Dec. 13, 2007
By Katie Quaranta
Festive and heartwarming activities define the holiday season. All too often, however, feelings of anxiety or depression can threaten to derail holiday cheer.
For Ohio University employees, members of their households and dependent students living outside the home, the Employee Assistance Program can help. The EAP, run for the university through national consulting firm BMA Impact, provides support for people struggling with personal or work-related problems during the holidays and throughout the year. The goal is to help members of the Ohio University community achieve a solid work/life balance.
"I think it's a great program because there are times ... when life gets stressful," said Connie Garrett, an employee benefits specialist with University Human Resources. Rather than let problems fester, "it's better to contact EAP and get help early."
Prior to contracting with Impact in July 2006, Human Resources handled the EAP on a part-time basis. Now, however, the program provides a 24-hour phone line staffed by licensed counselors who can provide guidance and support in areas ranging from job stress and child management to bereavement and health issues.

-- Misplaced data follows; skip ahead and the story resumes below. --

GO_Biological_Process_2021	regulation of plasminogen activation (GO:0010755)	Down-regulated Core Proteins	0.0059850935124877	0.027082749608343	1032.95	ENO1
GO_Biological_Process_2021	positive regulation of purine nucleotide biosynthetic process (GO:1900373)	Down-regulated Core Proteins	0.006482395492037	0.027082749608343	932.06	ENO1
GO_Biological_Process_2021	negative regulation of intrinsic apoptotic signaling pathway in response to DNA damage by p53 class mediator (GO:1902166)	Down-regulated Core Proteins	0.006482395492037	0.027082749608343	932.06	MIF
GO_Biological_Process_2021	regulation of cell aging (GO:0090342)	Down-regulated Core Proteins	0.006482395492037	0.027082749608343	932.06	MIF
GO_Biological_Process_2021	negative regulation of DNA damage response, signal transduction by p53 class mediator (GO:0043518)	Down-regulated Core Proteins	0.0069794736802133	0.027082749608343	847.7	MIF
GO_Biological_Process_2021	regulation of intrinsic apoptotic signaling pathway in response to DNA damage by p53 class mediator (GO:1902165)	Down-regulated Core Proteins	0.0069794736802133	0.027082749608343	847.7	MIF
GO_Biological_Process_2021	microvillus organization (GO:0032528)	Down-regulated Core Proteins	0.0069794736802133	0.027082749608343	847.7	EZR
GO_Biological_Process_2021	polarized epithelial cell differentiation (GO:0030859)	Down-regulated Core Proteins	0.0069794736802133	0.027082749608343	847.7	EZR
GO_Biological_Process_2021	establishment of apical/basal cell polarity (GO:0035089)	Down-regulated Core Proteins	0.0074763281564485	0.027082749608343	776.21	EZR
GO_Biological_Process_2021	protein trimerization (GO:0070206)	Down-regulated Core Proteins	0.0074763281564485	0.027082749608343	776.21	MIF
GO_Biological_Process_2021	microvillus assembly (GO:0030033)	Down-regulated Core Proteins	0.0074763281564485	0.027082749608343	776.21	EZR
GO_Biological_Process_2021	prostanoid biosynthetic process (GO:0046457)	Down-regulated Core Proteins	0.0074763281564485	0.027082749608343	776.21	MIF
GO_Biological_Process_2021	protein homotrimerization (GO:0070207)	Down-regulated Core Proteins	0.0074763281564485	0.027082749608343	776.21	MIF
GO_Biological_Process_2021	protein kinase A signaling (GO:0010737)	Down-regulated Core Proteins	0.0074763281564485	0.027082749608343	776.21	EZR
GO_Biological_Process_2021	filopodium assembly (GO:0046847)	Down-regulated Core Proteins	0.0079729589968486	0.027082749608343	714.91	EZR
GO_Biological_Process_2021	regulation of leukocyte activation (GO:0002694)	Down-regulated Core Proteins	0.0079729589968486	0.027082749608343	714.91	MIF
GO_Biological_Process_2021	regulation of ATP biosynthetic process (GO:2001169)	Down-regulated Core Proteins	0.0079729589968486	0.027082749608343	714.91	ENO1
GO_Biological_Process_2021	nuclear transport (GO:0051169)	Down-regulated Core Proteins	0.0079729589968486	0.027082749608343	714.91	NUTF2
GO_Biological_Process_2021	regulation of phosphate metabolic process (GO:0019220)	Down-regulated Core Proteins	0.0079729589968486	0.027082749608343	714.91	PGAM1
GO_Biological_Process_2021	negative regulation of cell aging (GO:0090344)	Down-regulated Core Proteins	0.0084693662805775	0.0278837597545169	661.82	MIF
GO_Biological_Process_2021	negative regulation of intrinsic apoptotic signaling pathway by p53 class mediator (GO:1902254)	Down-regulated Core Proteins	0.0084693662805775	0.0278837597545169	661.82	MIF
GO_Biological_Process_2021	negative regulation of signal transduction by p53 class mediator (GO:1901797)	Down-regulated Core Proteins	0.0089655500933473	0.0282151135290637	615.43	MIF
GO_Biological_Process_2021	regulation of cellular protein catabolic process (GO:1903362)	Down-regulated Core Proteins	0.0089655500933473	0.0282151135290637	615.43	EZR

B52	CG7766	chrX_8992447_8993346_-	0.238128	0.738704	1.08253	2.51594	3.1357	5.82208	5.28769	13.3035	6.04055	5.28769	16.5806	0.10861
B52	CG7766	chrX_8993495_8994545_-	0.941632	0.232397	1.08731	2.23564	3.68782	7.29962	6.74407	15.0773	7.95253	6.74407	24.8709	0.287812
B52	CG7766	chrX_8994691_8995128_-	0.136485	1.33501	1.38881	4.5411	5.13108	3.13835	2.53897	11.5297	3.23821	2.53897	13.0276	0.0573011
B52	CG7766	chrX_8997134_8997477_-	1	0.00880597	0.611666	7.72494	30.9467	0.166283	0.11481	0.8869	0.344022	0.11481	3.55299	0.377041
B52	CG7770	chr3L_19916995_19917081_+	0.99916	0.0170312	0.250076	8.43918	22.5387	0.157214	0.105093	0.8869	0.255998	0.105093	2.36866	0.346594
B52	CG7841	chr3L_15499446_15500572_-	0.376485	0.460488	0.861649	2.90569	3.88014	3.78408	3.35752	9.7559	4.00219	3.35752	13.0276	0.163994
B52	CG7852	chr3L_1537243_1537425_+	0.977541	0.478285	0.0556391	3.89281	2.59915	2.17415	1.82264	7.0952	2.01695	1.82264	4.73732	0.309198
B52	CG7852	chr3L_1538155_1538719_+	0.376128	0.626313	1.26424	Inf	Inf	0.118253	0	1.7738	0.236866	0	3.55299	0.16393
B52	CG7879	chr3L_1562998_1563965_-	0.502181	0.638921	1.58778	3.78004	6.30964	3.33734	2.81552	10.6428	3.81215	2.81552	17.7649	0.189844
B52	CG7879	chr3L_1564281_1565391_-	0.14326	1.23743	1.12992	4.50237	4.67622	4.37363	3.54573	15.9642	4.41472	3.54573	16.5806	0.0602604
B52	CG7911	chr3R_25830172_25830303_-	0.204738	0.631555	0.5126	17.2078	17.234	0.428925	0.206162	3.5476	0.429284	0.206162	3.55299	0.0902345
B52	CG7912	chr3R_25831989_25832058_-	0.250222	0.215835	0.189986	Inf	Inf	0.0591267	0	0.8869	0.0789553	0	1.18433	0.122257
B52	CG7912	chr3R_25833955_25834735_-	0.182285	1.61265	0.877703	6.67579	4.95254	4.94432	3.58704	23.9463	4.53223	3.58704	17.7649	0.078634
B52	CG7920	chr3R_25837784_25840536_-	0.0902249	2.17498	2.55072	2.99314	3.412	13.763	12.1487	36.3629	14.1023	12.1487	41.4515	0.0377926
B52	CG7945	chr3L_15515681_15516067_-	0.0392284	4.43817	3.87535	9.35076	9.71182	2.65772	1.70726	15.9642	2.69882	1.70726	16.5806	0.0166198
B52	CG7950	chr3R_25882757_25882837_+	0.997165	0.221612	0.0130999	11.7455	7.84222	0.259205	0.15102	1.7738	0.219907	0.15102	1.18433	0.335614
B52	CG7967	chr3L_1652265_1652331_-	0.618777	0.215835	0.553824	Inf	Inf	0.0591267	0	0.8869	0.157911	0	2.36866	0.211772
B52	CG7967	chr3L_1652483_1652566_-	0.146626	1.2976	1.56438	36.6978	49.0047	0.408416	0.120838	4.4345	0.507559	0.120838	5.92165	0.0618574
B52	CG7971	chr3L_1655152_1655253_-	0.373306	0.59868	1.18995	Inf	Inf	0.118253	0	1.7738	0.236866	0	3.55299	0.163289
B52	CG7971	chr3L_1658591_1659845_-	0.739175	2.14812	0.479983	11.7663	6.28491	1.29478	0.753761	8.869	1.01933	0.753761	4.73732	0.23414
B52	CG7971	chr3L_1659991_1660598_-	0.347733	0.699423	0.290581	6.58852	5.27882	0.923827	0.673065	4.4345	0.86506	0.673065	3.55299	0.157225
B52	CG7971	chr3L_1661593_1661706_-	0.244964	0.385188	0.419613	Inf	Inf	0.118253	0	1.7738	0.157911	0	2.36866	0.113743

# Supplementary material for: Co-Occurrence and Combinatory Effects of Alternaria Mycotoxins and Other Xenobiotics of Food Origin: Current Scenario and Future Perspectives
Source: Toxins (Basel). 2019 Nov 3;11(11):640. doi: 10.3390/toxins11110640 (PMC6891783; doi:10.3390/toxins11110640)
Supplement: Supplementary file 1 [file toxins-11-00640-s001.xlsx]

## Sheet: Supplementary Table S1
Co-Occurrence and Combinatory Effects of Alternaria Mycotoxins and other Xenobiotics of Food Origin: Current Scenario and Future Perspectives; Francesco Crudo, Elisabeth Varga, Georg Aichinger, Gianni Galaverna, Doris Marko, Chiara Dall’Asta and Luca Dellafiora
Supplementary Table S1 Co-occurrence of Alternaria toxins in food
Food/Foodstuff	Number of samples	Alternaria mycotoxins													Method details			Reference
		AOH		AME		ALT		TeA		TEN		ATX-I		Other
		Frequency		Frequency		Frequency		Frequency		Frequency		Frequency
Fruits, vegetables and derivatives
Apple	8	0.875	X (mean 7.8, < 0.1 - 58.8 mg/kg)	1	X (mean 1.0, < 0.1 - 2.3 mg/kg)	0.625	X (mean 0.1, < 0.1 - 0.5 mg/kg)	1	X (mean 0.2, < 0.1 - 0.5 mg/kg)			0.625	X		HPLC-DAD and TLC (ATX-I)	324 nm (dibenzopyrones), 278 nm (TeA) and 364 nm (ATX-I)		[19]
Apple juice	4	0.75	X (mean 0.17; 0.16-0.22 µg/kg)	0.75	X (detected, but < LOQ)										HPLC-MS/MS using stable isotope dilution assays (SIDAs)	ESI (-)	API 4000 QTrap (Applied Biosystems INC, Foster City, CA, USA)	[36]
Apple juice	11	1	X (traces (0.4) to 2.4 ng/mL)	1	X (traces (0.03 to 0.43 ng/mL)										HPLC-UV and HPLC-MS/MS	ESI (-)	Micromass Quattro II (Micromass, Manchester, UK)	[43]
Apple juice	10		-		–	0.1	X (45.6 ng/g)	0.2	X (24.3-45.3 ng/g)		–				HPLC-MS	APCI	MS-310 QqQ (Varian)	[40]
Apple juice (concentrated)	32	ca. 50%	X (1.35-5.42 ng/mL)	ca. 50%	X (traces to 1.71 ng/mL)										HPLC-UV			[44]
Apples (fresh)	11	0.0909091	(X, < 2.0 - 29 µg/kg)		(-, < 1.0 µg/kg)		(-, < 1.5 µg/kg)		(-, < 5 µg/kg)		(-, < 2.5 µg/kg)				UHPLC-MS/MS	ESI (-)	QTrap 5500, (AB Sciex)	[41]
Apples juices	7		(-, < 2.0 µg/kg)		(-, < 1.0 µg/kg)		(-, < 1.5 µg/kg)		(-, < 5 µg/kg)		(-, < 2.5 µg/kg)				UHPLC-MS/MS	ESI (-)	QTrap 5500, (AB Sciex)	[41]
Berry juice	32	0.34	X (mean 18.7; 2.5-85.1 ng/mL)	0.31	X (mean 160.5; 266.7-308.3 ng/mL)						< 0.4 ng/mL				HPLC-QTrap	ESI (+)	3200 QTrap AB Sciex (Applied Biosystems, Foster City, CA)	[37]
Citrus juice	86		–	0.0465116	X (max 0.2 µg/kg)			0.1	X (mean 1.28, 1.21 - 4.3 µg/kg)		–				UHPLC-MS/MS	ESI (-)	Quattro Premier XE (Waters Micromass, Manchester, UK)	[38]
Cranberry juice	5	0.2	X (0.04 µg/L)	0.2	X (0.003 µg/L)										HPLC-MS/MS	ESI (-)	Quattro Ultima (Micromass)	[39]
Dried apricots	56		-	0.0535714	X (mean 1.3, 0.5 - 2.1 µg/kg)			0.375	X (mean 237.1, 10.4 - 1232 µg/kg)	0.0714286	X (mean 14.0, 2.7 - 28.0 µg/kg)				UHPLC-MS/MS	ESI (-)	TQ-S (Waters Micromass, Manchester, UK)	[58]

Master-level counselors answer the phone and make referrals to local providers for up to five free face-to-face sessions per person per occurrence. Experts also are available to offer legal and financial advice and make referrals to local lawyers or finance professionals who are contracted to provide services at a discounted rate.
Garrett stressed that the process is completely confidential. When calling the phone support line, employees do not have to give a name or any identifying information except that they are associated with Ohio University.
"It is strictly confidential by law," she said. "The only time it would not stay confidential is when a safety risk is presented or one mentions harm to self or others."
The BMA Impact Web site, which users can access by using the account login "ohiouniversity," also provides extensive work/life wellness resources, including newsletters, assessment tests and advice from experts on how to address a broad variety of challenges. A December newsletter on the site is particularly relevant as it offers tips on beating the "holiday blues" and making this season as enjoyable as possible. The site also includes suggestions for holiday stress busters and advice on how to choose safe and appropriate toys for children.
"I think it all comes back to balance, keeping the holidays manageable and not adding stress to what may already be a busy life," Garrett said.
The EAP phone support line can be reached at 1-800-227-6007. For posters or fliers to promote the program in a university department or office, contact Garrett at 740-593-1651.